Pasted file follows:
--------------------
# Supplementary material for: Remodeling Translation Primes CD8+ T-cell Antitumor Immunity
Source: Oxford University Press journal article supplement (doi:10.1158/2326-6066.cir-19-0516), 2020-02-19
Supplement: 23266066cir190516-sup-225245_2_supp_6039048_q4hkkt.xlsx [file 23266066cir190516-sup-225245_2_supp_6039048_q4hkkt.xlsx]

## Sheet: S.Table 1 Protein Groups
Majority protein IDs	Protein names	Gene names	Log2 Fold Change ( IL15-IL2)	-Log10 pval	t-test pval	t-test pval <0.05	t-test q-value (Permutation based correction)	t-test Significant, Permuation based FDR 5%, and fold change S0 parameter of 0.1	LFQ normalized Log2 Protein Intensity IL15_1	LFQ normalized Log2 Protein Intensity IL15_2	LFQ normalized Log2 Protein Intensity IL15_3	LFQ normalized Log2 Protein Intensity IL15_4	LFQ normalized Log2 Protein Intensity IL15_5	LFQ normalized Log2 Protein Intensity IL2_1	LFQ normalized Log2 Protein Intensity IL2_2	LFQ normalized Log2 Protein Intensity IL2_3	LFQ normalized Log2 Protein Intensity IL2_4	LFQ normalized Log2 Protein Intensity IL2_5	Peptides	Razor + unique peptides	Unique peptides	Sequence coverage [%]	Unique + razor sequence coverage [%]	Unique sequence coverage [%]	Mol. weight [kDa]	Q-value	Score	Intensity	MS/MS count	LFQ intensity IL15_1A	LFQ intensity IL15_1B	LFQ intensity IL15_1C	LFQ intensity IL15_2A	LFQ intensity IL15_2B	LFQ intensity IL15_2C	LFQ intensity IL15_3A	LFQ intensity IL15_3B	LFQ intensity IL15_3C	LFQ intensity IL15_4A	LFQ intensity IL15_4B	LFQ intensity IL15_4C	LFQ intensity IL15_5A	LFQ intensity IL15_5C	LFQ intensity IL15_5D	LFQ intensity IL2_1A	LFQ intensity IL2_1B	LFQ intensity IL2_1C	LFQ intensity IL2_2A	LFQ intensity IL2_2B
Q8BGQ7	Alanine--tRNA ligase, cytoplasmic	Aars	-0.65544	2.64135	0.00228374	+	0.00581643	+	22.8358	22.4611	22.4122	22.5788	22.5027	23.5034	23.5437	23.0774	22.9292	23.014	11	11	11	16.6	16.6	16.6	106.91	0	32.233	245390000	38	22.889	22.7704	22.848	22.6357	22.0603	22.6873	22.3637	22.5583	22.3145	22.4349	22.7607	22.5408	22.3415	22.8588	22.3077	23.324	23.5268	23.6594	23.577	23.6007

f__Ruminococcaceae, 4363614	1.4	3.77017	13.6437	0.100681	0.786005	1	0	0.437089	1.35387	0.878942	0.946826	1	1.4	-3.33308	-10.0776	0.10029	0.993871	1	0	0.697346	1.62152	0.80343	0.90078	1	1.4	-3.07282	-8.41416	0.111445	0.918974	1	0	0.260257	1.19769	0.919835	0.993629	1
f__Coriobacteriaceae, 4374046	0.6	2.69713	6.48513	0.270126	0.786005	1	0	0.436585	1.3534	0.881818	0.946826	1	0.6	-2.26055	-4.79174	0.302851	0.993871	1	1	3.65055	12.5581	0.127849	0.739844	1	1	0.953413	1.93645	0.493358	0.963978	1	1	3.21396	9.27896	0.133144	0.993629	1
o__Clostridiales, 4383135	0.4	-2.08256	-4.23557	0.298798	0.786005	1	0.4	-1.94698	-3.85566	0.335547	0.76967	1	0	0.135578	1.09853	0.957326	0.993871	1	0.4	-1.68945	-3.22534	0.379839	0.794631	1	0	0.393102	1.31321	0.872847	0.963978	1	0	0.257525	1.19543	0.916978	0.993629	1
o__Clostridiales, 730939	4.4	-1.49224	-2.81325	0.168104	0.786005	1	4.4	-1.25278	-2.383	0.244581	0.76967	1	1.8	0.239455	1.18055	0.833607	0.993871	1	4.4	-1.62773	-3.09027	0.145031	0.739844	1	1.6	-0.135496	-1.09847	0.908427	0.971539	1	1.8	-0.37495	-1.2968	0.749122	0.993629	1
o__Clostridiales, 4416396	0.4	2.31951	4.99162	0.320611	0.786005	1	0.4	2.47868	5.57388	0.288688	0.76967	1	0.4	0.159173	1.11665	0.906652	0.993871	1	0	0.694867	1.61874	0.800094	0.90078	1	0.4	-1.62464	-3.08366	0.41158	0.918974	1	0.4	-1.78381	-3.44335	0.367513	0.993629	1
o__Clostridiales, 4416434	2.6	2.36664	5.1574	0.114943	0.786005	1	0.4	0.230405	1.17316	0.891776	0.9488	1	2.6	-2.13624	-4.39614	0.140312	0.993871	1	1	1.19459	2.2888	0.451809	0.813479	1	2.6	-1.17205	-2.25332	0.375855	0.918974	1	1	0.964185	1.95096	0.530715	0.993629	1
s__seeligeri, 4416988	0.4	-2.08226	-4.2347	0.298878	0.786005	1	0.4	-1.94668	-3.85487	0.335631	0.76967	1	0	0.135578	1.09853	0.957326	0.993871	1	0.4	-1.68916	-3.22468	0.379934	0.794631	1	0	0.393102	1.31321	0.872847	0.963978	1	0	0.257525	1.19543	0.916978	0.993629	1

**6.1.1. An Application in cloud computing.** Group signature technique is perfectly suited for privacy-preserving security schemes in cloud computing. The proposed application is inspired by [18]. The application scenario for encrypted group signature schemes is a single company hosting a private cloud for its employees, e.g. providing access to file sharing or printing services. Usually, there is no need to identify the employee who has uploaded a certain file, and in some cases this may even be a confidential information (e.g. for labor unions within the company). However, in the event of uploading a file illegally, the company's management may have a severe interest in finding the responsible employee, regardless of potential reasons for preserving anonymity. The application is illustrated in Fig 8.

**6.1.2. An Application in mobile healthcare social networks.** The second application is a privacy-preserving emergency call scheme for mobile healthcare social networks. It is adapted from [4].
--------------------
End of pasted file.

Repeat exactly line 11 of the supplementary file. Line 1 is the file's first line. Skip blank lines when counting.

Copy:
o__Clostridiales, 4416396	0.4	2.31951	4.99162	0.320611	0.786005	1	0.4	2.47868	5.57388	0.288688	0.76967	1	0.4	0.159173	1.11665	0.906652	0.993871	1	0	0.694867	1.61874	0.800094	0.90078	1	0.4	-1.62464	-3.08366	0.41158	0.918974	1	0.4	-1.78381	-3.44335	0.367513	0.993629	1